Writing Prescriptions to Play Outdoors

THE CHECKUP

Writing Prescriptions to Play Outdoors

Advantages for children include being physically active, spending time in nature and getting away from screens. And fun.

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In his 2005 book, “Last Child in the Woods,” Richard Louv wrote about what he called nature-deficit disorder, and cited about 60 scientific studies looking at the benefits of nature and the problems that can come from being too isolated from the natural world. Today, Mr. Louv said, there are more than 700 studies (abstracts can be found on the website of the Children and Nature Network, of which Mr. Louv is the co-founder).

Dr. Robert Zarr, a pediatrician at Unity Health Care in Washington, D.C., was inspired by hearing Mr. Louv speak at an American Academy of Pediatrics meeting and then by reading his book. Dr. Zarr is the founder and medical director of Park Rx America, a nonprofit that encourages doctors to prescribe parks; for some states, the website allows a doctor to search for parks near a family’s home address, or with particular available amenities, and write a specific prescription, with the name of the park, the activity, the duration, the frequency.

“I do at least one a day or more, I really let the patient write it,” Dr. Zarr said. The two most common scenarios, he said, are overweight children and stressed-out, anxious and depressed teenagers. “Is there anything they want to do that’s enjoyable outside, that they’re willing to commit to?” For example, “you just told me you play soccer. How often do you go? Would you be willing to commit to going once a week or twice a week?”

The idea of prescribing parks is “probably more common sense than rocket science,” Dr. Zarr said, but it is also based in the expanding scientific literature that shows that spending time outdoors is good for physical and mental health.

Much of that literature focuses on adults, he said, with population studies showing that closer proximity to nature is connected to positive effects on a wide range of health issues from obesity, hypertension and diabetes to depression and anxiety, and many more, though much of the research is still preliminary.

There are some studies on children to suggest that unstructured outside play can be very helpful for some children with ADHD, and researchers have considered both the effect of green space and nature exposure and also physical activity.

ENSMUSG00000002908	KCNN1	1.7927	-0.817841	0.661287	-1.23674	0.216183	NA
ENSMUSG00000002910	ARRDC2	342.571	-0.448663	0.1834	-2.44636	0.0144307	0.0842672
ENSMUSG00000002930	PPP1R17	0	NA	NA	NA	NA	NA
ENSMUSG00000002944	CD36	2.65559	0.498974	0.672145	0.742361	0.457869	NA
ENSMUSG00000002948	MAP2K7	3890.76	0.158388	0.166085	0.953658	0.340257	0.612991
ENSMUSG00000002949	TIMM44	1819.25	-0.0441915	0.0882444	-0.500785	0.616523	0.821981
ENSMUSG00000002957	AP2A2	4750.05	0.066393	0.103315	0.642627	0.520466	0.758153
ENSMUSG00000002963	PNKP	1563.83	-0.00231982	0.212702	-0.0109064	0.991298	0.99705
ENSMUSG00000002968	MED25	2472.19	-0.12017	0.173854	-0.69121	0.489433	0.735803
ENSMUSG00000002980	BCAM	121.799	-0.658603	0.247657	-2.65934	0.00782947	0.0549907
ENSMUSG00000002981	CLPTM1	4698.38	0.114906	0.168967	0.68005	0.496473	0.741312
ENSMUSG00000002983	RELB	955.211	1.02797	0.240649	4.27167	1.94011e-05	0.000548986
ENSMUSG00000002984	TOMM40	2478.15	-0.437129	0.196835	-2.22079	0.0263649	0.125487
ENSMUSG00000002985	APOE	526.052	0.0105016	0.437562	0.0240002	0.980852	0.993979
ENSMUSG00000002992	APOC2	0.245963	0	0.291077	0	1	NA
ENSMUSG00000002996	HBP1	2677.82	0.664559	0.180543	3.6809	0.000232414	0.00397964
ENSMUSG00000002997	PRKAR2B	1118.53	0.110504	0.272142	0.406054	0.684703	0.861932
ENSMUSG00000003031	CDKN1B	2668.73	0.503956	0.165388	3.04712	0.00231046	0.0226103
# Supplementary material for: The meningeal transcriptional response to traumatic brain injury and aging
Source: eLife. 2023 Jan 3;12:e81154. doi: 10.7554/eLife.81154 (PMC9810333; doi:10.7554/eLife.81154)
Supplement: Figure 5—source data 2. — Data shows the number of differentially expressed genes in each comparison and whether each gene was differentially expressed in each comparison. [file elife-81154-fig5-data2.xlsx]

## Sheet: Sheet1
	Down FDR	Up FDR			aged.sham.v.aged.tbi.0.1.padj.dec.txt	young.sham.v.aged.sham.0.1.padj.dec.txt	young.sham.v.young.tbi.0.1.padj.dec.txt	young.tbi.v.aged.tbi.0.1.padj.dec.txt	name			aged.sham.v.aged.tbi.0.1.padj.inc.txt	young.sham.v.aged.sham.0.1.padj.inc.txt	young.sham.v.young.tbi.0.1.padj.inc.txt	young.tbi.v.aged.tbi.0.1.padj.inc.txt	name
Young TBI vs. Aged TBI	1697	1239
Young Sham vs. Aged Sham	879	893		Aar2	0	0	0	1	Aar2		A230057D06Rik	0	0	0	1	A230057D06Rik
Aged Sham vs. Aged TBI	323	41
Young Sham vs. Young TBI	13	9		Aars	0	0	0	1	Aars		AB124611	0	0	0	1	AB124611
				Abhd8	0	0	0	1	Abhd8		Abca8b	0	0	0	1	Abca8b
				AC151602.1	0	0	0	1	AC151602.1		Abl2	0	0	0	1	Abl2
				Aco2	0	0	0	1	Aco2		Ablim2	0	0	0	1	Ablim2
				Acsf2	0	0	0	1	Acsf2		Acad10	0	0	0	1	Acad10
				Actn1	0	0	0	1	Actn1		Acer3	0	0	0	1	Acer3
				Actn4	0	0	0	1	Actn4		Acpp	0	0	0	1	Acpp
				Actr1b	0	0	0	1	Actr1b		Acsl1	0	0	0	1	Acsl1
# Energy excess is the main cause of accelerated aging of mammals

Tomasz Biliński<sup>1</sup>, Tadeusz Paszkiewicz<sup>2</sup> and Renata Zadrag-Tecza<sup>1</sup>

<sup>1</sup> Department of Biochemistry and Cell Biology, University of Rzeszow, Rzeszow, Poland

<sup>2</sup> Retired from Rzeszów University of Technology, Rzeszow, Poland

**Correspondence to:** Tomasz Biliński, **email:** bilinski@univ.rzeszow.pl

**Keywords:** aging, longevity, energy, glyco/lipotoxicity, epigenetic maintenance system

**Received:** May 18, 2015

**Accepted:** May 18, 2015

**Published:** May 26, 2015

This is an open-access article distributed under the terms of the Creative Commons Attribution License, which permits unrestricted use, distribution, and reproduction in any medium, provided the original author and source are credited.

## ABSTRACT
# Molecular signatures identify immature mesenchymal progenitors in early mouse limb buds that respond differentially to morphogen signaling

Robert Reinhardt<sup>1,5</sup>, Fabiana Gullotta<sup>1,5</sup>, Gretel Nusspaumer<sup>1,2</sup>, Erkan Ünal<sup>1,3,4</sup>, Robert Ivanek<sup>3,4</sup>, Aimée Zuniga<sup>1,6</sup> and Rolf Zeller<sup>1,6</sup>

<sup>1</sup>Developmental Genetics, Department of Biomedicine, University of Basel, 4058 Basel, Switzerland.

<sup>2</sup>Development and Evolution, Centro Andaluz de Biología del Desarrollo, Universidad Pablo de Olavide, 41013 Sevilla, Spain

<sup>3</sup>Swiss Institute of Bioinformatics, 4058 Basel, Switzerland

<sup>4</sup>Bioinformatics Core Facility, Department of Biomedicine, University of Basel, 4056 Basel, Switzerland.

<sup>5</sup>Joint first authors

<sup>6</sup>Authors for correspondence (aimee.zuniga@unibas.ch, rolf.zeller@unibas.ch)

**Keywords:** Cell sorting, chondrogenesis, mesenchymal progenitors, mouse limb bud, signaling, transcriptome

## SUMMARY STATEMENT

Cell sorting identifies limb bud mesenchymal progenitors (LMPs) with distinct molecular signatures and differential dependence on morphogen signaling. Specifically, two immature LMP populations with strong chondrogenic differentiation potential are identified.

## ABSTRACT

Mr. Louv’s new book, “Vitamin N,” offers activities for parents, communities and schools.When he was growing up, he said, it was normal for children to go outside and play. Nowadays, for both children and adults, that time outside is even more essential, he said, because “nature experience is particularly good at resting the brain from the burnout of looking at screens all the time.”

In recent years, he said, parents’ awareness of the health benefits of nature for their children has actually increased, though they tend to be less familiar with the research about cognitive benefits. But the barriers are still there, particularly, he said, a fear of letting children explore nature.

Independent play is especially important, and especially worrisome for parents. “Parents are scared to death,” he said, whether of “stranger danger” or of physical injury. But “small risks are opportunities to build more resilient kids,” he said; if a child is in danger of falling out of a tree because of poor upper body strength, “don’t tear down the tree; build up the kid.”

On the other hand, Mr. Louv said, “I don’t dismiss parents who feel that fear; I felt it too.” Parents today are probably going to be accompanying their children more and hovering a little closer, but they shouldn’t feel the need to be all-knowing experts. “In a way, parents who don’t know the names of all the plants and animals are better off,” he said, because they are learning with their children, and can feel the same sense of wonder.

And of course, as a pediatrician, I need to add certain safety reminders: tick protection, sun protection, helmets when you bicycle or ride your scooter.

“Clearly there are going to be risks, but the risks of not going outdoors and continuing the pattern of 90 percent indoors is going to kill us,” said Captain Sarah Newman, the director of the office of public health for the National Park Service. Public health has been an aspect of the park service since it first started, she said, with parks seen as places for respite from cities and pollution, places to connect with nature and get healthy exercise.

In 1918, she said, the park service had one public health service officer, but there are now 54, mostly working to protect park visitors and employees from disease risks. Their work also includes health promotion in an initiative called Healthy Parks Healthy People. The initiative especially targets both children and the elderly, she said, along with the most vulnerable communities, and also the military.

“I’d like to say to parents that we have probably the most cost effective and accessible opportunity to keep your kids healthy and maintain a healthy lifestyle,” Captain Newman said. “It could be the best thing you do for your kids.” She cited the dangers of extensive screen time for children, along with childhood obesity. “Take advantage of the many parks you have that are accessible — look it up, find your nearest, hike, go every single weekend, instill it in your kids.”

Read about one family’s weekly hike, on the same trail.
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“This isn’t another must or should to stick on a refrigerator door and feel guilty,” Mr. Louv said. He suggested that parents schedule time for hiking, or consider joining a family nature club, which will also give kids companions their own age for exploring.